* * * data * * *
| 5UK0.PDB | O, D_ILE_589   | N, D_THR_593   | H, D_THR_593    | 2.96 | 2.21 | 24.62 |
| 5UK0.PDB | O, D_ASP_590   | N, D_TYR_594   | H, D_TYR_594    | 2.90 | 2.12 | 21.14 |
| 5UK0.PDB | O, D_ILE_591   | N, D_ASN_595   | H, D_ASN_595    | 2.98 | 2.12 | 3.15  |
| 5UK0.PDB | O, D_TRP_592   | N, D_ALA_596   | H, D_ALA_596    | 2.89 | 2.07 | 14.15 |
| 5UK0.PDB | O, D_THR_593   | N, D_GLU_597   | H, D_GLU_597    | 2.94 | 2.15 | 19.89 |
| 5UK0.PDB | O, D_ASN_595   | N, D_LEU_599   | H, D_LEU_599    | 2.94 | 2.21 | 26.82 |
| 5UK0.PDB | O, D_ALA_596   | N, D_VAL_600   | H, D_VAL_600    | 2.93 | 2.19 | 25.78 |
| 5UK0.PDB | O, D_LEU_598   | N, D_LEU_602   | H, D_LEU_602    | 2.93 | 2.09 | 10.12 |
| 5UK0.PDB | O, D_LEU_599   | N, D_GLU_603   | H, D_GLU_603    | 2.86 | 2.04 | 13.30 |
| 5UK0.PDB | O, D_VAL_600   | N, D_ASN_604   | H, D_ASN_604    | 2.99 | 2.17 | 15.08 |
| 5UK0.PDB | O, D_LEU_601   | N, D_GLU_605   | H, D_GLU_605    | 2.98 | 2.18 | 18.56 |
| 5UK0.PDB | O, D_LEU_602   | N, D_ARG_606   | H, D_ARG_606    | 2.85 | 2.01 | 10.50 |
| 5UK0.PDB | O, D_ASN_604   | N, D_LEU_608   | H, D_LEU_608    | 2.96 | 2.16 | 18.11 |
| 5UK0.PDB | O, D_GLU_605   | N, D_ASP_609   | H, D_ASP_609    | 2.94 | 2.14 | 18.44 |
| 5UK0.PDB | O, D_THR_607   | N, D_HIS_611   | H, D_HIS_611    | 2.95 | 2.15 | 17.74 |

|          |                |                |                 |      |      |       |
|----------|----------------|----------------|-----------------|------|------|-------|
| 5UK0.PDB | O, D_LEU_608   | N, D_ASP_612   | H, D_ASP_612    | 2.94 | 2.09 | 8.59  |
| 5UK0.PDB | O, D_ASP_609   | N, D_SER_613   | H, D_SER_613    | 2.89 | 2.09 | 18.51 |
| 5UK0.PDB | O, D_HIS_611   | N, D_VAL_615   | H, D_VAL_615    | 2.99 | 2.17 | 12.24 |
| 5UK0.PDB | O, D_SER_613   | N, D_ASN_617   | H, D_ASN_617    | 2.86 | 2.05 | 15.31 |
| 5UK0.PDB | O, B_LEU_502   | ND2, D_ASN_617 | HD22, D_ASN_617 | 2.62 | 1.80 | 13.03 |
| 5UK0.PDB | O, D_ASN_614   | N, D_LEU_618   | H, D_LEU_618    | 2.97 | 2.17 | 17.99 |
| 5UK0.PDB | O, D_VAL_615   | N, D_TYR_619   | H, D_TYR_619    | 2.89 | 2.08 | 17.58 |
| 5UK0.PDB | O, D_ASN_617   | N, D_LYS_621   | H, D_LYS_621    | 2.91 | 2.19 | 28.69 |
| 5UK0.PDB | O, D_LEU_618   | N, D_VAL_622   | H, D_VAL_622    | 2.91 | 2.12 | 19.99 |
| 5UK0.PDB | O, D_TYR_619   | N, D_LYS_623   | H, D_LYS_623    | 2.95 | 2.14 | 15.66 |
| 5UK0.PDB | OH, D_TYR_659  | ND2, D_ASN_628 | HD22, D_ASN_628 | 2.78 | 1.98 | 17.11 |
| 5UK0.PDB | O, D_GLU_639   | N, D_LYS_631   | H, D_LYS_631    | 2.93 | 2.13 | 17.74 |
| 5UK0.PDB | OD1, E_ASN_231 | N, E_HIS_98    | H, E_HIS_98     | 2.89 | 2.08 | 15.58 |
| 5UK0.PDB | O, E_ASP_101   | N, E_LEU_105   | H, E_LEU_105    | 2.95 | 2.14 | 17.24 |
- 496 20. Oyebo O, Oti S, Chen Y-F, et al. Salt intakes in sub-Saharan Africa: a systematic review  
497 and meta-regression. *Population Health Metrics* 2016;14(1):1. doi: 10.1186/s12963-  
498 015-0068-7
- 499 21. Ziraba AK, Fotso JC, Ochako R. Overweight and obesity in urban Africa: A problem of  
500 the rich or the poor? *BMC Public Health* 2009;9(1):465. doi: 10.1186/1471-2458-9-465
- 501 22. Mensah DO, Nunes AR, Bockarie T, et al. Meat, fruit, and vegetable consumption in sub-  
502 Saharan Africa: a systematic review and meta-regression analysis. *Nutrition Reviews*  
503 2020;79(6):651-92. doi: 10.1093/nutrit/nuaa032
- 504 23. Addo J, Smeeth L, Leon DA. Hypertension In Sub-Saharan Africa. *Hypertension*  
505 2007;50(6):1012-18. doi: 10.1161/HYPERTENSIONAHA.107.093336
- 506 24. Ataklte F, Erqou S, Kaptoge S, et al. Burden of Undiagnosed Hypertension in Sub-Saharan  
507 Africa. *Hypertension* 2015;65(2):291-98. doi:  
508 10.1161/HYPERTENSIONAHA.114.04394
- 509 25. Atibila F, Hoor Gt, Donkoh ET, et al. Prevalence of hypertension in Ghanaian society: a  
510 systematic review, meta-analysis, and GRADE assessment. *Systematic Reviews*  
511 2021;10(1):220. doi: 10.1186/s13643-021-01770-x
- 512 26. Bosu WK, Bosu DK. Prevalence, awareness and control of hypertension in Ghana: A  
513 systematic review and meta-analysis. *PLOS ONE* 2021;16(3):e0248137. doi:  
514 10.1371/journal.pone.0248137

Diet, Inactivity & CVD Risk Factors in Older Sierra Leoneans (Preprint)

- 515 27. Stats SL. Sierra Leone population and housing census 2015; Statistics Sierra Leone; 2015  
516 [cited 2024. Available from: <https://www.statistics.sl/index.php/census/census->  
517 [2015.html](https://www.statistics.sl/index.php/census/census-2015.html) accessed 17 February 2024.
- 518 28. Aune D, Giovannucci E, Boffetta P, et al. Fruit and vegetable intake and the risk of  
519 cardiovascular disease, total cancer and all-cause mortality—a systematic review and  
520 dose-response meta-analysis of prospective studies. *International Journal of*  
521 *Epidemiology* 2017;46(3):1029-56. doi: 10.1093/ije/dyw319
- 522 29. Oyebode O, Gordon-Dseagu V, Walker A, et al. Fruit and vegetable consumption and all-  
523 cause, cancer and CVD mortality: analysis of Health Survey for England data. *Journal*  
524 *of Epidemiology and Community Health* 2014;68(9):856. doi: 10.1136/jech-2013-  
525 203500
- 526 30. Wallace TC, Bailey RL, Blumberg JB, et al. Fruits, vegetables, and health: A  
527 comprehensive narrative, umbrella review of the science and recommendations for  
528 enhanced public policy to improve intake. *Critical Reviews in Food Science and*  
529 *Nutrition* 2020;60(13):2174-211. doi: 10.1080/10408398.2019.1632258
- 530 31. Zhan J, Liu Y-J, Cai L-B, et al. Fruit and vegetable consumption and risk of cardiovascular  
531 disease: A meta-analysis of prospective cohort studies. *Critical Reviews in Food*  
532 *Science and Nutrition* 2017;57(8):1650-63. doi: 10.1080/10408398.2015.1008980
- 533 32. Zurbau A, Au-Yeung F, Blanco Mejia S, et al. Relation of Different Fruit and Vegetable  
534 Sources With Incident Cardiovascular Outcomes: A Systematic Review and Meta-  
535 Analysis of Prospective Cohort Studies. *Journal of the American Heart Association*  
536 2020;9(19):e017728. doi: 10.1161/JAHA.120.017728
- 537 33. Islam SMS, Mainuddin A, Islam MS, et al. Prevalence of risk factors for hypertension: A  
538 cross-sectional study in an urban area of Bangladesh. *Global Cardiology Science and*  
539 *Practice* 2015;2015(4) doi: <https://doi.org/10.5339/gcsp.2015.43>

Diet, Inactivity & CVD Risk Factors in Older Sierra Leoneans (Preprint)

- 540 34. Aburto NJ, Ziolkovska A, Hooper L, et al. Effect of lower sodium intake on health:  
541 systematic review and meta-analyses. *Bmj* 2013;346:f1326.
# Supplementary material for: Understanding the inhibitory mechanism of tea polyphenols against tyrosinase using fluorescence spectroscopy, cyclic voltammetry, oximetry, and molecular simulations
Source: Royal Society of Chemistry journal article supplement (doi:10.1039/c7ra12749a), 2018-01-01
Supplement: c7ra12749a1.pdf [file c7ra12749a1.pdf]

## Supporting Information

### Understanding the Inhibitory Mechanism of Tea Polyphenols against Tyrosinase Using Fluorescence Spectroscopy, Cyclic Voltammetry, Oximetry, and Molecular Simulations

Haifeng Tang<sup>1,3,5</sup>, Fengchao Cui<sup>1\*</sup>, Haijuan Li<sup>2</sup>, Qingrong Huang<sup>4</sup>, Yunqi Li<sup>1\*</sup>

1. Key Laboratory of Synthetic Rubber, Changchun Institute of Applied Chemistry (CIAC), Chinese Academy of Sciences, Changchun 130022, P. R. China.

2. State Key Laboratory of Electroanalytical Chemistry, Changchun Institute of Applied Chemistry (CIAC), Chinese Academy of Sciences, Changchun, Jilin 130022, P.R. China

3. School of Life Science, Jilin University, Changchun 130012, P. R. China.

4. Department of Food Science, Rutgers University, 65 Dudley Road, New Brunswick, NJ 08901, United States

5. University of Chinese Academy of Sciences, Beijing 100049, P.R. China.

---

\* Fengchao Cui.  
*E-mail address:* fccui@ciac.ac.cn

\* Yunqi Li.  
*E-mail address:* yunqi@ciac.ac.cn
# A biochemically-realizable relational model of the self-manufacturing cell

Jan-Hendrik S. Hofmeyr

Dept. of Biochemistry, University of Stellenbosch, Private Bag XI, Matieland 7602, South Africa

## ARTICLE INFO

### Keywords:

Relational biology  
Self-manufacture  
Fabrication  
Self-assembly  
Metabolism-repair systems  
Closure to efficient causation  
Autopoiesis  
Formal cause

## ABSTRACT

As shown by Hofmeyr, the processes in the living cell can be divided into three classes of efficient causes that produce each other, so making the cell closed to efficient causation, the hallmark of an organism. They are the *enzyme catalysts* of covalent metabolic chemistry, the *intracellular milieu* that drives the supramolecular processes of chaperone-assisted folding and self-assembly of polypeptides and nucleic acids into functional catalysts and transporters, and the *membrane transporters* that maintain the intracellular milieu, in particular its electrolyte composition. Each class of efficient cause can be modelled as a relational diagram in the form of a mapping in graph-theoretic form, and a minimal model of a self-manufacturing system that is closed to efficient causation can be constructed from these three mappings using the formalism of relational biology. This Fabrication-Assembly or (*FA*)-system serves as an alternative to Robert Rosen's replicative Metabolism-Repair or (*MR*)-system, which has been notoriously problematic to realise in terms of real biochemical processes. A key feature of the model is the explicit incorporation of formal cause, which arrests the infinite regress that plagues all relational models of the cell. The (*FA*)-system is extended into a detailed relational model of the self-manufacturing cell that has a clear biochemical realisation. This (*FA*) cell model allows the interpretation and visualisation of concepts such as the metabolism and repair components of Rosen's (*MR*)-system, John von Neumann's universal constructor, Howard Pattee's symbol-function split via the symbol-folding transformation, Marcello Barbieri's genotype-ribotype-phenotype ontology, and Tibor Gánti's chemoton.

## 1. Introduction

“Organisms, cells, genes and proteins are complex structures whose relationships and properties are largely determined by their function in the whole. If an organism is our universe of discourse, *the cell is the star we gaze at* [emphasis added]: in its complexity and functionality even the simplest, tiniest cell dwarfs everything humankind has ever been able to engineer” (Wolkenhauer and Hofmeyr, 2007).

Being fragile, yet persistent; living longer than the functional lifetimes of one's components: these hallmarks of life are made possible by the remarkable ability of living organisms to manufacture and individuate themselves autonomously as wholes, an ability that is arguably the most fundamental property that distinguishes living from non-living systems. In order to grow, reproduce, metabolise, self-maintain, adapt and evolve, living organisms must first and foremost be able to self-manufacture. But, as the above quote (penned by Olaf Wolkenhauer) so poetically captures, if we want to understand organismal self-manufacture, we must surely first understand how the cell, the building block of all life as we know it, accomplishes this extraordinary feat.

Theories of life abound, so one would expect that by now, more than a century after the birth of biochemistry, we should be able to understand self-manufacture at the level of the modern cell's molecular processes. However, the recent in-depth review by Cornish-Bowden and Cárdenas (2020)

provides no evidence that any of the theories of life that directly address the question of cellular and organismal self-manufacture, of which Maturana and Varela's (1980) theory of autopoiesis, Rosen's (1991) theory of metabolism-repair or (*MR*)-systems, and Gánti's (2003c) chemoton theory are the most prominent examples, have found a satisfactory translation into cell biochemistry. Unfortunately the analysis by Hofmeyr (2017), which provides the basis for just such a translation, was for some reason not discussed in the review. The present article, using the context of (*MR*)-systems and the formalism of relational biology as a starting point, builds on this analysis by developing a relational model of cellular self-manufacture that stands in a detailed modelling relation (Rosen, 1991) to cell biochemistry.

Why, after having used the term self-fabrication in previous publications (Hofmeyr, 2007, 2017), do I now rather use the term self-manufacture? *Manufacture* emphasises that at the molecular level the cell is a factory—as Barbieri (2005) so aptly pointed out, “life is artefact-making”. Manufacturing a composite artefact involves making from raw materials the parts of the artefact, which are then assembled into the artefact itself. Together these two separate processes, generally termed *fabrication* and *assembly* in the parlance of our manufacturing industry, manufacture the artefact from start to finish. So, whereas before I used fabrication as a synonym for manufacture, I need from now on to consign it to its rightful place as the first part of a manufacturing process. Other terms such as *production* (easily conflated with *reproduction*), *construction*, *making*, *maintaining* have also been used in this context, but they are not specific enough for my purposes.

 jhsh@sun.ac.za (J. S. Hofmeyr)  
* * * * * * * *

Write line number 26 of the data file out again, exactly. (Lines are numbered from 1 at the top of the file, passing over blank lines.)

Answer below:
| 5UK0.PDB | O, D_LEU_618   | N, D_VAL_622   | H, D_VAL_622    | 2.91 | 2.12 | 19.99 |